According to Bloomberg Economics, the monthly U.S. consumer price report, which is due out today, will show subdued core inflation for the third month in a row. This forecast strengthens the case against further interest rate hikes by the Federal Reserve.
Another tepid advance for prices excluding food and energy of 0.2% in August would probably be more important to Fed officials than an energy-driven rebound in the overall consumer price index, which may have risen 0.6%.
“Monthly headline inflation should be robust, while annualized core inflation will stay near the Fed’s 2% inflation target for a third straight month — the longest stretch of subdued core readings since inflation surged in early 2021,” Bloomberg Economics notes.
Slowing core inflation over the last two months has raised hopes that the Fed will cease rate increases after lifting the target range for its benchmark in July to 5.25–5.5%, the highest level in 22 years.
Investors currently see the chances of another rate hike in 2023 as a bit below 50%, according to futures.
While central bank officials including Fed Chair Jerome Powell have welcomed the progress seen in recent inflation reports, they have also stressed that the fight isn’t over, and warned that ongoing strength in the economy could require another rate increase.
The yen remains vulnerable to sharp movements and government intervention, even after its rally at the start of this week, as key U.S. data and central bank meetings loom large among potential catalysts.
U.S. inflation figures set to be released on Wednesday are expected to show price growth accelerating for a second month in August versus a year earlier.
If headline price growth outpaces the consensus for a 3.6% gain, reignited speculation over another U.S. interest rate hike might boost the dollar and return the yen to fresh year-to-date lows.
As for the Asian counterweight to the U.S. dollar, the Japanese yen, the situation could be as follows:
The rate of any fall in the yen is likely to be key to whether Japan's Finance Ministry officials respond by stepping up warnings or considering policy tightening measures.
Last year Japan had to spend more than $60 billion on three interventions before the tide turned in its favor and the dollar pulled back from a multi-year high of 151.95 yen. Convincing international allies to re-enter markets this year may be more difficult as the gap in interest rates is now even wider than in 2022.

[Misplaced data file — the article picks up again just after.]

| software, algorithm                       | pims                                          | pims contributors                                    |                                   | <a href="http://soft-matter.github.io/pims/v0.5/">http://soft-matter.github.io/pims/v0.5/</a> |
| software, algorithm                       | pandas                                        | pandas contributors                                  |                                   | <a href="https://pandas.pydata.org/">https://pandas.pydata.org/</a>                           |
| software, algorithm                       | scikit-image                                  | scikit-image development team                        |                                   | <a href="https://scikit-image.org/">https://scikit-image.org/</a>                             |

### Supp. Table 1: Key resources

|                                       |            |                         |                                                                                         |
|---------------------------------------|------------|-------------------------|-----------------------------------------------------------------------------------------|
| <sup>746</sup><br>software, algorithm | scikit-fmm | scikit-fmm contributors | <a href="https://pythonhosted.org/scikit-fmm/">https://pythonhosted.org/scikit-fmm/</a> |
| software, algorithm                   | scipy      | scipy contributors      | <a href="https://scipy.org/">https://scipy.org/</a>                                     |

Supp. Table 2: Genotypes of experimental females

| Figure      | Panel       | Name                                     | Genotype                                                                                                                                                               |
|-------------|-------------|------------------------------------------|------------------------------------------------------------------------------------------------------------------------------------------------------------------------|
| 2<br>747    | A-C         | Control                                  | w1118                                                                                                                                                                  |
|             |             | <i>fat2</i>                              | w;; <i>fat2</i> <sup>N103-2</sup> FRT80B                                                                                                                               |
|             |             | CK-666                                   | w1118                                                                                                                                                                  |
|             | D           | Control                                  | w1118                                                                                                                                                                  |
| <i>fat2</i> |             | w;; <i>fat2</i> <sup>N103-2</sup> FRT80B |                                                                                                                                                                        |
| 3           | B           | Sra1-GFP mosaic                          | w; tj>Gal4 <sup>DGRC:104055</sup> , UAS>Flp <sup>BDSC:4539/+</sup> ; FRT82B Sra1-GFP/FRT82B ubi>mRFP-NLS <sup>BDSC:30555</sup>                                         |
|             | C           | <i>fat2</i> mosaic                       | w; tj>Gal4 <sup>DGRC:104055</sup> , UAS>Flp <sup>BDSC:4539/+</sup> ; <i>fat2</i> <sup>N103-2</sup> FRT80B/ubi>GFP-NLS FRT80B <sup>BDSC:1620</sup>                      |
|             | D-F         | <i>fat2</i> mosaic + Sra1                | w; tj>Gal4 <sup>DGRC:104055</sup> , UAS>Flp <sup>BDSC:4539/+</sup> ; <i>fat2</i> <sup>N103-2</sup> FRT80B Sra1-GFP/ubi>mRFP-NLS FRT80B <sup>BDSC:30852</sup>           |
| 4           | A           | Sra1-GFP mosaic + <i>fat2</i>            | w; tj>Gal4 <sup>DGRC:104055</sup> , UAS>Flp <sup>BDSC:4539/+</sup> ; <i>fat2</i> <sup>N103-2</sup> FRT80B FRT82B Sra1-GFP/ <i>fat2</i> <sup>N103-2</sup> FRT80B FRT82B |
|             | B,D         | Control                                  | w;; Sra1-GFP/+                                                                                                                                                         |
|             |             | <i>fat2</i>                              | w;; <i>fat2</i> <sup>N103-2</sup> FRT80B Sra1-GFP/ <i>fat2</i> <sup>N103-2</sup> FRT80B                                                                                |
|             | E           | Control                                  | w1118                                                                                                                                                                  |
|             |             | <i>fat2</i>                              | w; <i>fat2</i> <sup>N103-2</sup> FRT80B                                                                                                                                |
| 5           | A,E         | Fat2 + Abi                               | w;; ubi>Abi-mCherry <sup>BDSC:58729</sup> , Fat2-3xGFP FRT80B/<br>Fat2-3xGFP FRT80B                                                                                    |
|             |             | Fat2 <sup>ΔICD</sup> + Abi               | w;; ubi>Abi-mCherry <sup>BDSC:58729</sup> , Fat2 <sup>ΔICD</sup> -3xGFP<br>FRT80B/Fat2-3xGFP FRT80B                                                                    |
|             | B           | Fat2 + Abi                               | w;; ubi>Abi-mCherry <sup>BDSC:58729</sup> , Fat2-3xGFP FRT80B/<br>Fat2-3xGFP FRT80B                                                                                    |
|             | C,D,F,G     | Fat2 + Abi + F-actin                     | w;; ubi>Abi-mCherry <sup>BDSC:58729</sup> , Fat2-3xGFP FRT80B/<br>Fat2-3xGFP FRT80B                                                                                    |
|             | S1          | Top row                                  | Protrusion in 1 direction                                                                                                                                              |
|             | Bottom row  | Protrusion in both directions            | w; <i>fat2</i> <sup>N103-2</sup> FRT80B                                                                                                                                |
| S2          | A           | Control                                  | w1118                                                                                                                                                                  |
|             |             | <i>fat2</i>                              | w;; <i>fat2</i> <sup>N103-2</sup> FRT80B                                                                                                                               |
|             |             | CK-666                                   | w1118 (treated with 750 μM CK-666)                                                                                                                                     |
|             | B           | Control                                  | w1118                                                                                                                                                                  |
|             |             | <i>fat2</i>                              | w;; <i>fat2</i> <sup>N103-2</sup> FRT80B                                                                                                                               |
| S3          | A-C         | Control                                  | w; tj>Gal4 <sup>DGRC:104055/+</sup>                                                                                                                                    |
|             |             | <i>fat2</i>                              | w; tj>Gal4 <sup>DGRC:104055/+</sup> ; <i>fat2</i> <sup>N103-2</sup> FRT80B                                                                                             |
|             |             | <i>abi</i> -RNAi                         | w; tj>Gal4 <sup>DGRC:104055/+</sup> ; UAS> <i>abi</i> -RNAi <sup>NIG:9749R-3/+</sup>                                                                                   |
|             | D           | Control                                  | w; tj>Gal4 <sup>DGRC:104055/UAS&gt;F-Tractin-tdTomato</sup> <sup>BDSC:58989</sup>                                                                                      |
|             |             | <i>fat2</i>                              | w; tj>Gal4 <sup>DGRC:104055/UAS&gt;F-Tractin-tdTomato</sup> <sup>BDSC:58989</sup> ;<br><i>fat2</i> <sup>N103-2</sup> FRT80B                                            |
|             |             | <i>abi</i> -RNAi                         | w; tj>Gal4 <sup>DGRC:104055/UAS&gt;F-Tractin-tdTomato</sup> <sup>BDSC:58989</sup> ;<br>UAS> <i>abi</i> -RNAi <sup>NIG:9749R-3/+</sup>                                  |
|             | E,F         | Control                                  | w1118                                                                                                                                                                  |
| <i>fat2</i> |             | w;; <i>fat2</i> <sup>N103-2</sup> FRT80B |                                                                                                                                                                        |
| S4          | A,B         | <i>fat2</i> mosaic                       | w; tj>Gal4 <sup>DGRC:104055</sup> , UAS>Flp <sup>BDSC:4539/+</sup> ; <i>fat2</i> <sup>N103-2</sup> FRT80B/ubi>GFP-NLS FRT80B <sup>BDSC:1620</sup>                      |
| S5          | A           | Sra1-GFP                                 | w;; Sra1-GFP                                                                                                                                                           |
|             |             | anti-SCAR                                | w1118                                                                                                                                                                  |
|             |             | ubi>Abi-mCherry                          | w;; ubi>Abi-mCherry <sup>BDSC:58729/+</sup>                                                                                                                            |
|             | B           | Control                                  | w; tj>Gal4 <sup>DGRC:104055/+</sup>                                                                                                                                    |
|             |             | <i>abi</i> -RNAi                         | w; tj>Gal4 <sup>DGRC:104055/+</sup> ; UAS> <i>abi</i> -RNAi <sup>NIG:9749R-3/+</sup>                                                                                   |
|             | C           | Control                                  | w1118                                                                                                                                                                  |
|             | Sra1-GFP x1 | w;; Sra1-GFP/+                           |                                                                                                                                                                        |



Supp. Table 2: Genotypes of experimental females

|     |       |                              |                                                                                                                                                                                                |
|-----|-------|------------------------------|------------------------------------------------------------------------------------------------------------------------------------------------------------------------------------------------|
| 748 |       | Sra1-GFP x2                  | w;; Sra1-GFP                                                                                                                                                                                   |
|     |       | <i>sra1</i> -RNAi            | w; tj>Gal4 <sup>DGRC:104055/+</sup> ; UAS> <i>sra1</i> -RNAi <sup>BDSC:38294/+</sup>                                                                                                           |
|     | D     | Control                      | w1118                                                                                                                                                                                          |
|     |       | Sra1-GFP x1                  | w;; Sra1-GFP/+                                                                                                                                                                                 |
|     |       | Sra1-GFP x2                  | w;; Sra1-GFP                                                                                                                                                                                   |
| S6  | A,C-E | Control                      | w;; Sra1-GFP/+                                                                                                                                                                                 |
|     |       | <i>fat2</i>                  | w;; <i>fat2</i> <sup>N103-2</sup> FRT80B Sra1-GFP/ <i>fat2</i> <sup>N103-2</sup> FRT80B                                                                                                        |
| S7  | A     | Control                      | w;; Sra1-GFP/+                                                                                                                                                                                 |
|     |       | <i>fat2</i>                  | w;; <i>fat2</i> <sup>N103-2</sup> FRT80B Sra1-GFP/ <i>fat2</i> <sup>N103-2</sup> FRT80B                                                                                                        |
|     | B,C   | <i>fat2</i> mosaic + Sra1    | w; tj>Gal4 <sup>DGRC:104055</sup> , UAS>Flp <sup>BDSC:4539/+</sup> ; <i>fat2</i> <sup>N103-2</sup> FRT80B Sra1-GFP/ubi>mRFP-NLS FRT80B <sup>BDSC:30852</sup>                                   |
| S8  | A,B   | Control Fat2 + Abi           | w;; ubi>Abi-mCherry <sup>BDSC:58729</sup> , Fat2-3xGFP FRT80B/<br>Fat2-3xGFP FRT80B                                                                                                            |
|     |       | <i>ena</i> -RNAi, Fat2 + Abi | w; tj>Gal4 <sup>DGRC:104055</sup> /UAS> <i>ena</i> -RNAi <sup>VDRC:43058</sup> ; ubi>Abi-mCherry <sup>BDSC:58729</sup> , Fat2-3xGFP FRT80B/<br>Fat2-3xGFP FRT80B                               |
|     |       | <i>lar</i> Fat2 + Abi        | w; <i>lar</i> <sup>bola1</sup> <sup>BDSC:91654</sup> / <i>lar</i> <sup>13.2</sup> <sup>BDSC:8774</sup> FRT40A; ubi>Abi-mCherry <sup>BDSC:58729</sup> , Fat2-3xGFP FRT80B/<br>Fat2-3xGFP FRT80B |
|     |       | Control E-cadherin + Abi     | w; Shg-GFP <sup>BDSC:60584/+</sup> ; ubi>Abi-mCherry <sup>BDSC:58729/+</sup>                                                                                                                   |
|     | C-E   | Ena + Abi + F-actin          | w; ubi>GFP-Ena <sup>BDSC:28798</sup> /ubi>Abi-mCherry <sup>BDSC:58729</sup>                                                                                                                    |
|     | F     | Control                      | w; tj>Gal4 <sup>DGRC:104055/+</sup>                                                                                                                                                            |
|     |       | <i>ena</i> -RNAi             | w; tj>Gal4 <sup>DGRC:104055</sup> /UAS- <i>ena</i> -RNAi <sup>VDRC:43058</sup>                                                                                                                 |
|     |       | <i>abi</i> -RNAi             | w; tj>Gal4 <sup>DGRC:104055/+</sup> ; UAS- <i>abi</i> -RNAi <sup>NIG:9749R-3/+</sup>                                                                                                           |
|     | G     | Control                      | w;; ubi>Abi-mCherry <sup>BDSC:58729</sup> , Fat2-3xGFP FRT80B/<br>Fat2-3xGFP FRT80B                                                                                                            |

The current market sentiment is similar to the situation a year ago, when the sharp weakening of the yen in USDJPY triggered the Japanese authorities to launch the first yen-buying operations since 1998.
The main argument against intervention in the near term is that the strong contrast between the Bank of Japan's dovish rate and the U.S. Federal Reserve's rate at 5.38% supports a weak yen.
Most market participants probably believe that USDJPY's rise is in line with fundamentals.
Unlike a year ago, one factor that may help Japan to defend the yen is the growing perception that the BOJ is getting closer to reducing its ultraeasy policy under a new governor.
Governor Kazuo Ueda said in an interview published on Saturday that ending negative interest rates might be among the options if inflation and wages keep rising. By the end of the year the BOJ may have enough information on both of these issues, he added. The comments boosted support for the yen on the hopes of higher interest rates.
But Ueda also said the bank is still at some distance from achieving its price target and that easing should continue for now. These comments will put additional downward pressure on the yen if they are to be repeated at the policy meeting next week.
The BOJ's next meeting will conclude on September 22, and the Federal Reserve will end its two-day meeting on September 20. Japan's first intervention last year followed the Fed and BOJ meetings in September.
Currency traders and corporate officials do not see a break in the weakening trend anytime soon, with the 150 level of USDJPY considered a trigger for potential intervention. As of late August, Japan had $1.25 trillion in foreign reserves, which the country could use to support its currency.
The final recommendation is to sell USDJPY if the quotes reach the 150 level. Profit or loss should be taken after two trading days.